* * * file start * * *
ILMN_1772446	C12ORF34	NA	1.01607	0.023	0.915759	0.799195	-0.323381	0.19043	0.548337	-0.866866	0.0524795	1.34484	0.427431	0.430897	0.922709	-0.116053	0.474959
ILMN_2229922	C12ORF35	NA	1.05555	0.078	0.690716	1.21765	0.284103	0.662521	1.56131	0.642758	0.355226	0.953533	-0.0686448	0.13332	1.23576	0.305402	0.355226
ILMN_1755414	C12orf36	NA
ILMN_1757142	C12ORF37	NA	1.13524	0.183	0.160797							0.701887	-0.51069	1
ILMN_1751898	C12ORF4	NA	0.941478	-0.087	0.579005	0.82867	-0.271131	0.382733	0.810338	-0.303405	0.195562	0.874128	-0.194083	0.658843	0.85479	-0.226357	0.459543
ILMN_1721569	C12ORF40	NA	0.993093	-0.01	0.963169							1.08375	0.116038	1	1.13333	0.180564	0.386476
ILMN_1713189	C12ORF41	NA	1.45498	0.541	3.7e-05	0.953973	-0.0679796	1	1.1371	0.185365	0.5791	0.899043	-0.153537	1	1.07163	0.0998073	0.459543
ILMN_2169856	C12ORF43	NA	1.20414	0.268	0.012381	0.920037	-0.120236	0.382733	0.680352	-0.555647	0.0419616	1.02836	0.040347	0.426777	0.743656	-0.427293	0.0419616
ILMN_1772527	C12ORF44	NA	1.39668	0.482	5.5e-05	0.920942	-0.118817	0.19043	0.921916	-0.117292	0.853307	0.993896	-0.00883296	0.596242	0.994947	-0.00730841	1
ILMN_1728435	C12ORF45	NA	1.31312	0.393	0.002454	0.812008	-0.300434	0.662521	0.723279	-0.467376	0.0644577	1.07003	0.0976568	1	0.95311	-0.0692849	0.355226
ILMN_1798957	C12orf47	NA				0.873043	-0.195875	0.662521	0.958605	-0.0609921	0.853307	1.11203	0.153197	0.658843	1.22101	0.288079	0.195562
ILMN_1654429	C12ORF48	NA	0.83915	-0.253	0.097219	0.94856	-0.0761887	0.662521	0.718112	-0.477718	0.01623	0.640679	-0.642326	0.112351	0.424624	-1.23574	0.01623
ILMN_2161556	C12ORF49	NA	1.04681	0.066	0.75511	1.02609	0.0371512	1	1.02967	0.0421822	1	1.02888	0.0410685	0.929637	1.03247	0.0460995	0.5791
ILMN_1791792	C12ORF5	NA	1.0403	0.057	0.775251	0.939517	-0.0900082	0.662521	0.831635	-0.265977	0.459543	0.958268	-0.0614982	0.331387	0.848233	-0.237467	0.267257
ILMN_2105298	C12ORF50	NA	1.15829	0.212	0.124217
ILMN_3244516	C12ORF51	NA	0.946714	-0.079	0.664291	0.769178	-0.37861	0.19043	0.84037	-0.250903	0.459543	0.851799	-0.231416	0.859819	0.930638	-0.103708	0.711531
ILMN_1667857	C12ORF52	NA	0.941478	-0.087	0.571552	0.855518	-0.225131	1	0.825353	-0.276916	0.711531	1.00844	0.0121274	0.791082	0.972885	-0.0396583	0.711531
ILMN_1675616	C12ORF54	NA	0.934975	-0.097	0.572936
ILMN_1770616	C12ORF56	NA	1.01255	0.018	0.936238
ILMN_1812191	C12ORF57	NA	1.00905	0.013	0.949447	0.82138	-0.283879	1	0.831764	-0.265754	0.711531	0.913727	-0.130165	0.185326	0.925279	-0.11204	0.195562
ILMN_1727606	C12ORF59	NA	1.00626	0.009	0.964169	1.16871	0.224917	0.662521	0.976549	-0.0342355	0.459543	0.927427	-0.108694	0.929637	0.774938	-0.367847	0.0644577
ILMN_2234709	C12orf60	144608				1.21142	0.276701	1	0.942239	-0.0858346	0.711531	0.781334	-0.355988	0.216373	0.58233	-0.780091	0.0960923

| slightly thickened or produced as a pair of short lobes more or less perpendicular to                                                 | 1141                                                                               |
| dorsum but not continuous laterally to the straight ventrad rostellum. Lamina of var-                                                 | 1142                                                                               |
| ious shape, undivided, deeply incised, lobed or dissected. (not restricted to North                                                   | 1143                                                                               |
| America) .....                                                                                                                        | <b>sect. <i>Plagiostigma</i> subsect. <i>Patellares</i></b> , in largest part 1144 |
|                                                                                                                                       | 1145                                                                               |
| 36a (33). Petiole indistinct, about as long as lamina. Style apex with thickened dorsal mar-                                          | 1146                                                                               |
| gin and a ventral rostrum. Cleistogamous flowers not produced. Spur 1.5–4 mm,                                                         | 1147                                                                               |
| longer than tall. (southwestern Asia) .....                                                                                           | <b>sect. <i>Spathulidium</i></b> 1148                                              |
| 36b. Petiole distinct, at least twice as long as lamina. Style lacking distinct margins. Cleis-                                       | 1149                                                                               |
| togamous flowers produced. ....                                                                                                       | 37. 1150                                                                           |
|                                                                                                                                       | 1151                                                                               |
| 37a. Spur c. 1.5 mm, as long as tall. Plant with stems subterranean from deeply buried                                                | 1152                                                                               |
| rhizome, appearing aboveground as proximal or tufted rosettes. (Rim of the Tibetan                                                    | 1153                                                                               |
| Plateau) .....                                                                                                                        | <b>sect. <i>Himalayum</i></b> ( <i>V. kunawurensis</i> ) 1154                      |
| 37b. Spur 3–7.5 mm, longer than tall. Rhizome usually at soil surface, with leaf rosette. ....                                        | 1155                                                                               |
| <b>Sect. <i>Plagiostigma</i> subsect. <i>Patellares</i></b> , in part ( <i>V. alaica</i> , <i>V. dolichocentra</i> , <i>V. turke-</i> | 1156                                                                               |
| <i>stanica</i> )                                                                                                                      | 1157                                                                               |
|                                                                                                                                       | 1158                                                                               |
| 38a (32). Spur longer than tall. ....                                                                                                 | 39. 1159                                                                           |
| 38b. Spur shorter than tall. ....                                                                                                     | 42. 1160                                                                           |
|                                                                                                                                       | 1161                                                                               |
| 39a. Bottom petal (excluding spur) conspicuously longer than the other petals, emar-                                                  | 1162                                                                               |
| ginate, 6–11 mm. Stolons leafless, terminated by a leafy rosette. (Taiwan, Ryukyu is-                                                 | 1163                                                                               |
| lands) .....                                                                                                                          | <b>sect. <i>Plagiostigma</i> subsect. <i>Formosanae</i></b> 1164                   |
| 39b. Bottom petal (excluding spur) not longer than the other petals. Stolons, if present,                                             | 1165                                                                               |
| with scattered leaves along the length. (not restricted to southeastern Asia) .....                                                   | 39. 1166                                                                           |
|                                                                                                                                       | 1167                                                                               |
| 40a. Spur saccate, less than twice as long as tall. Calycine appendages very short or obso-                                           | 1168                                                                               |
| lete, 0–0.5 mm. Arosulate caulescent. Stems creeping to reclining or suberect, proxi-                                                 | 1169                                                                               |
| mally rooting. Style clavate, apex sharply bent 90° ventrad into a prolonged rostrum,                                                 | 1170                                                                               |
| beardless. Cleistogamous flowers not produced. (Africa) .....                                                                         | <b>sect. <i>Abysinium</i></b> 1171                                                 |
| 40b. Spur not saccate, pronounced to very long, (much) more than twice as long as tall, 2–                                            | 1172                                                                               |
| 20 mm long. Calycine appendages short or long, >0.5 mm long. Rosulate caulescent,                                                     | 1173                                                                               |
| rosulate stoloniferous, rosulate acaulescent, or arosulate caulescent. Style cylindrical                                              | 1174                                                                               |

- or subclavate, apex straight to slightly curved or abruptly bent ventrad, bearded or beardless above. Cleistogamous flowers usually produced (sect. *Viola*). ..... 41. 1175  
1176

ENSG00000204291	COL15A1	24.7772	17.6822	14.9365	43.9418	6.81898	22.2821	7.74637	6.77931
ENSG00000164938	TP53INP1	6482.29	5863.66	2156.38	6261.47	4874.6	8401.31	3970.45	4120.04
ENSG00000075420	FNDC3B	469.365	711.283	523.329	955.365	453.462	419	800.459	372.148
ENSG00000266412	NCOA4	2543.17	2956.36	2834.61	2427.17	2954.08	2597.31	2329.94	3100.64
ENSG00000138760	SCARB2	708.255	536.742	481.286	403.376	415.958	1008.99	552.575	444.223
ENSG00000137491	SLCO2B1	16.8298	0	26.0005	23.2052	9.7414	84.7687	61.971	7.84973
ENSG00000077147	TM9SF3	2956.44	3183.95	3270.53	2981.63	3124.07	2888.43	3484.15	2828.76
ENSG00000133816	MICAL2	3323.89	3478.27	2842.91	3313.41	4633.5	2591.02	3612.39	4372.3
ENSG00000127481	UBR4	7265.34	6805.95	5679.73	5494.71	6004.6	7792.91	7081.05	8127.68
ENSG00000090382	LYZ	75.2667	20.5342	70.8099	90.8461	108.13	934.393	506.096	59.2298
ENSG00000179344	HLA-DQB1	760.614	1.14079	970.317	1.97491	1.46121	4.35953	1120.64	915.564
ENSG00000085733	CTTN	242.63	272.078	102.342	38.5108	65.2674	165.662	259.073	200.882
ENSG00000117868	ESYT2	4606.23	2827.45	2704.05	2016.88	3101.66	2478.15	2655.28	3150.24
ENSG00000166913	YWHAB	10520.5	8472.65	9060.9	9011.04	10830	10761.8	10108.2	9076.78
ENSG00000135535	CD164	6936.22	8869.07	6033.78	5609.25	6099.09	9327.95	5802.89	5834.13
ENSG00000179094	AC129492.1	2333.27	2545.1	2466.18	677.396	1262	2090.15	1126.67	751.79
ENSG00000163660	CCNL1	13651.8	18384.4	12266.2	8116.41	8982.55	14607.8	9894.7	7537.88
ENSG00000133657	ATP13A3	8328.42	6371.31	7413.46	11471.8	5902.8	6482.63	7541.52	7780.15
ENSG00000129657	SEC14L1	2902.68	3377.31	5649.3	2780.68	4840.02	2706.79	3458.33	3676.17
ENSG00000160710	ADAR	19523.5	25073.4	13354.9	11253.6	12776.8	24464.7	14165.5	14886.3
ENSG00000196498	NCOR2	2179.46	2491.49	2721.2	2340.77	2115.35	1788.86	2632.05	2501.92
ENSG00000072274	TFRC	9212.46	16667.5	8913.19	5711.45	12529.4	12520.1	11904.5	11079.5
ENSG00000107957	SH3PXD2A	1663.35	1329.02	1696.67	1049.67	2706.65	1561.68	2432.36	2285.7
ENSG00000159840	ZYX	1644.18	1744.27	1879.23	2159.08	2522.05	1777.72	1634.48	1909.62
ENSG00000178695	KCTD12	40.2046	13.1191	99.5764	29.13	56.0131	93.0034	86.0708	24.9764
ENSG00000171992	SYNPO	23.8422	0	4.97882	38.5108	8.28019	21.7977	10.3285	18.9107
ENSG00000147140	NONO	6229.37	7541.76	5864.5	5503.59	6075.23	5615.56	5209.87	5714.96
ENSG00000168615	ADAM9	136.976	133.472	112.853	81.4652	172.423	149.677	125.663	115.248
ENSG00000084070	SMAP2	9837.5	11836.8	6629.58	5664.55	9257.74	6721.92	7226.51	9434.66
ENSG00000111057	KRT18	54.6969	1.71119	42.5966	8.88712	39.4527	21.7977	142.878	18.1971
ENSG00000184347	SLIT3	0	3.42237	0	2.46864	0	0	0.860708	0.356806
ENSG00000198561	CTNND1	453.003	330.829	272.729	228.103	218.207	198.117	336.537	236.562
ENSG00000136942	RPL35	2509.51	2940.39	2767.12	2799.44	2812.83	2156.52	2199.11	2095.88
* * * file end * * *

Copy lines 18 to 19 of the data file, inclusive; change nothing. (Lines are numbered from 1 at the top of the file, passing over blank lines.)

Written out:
ILMN_1675616	C12ORF54	NA	0.934975	-0.097	0.572936
ILMN_1770616	C12ORF56	NA	1.01255	0.018	0.936238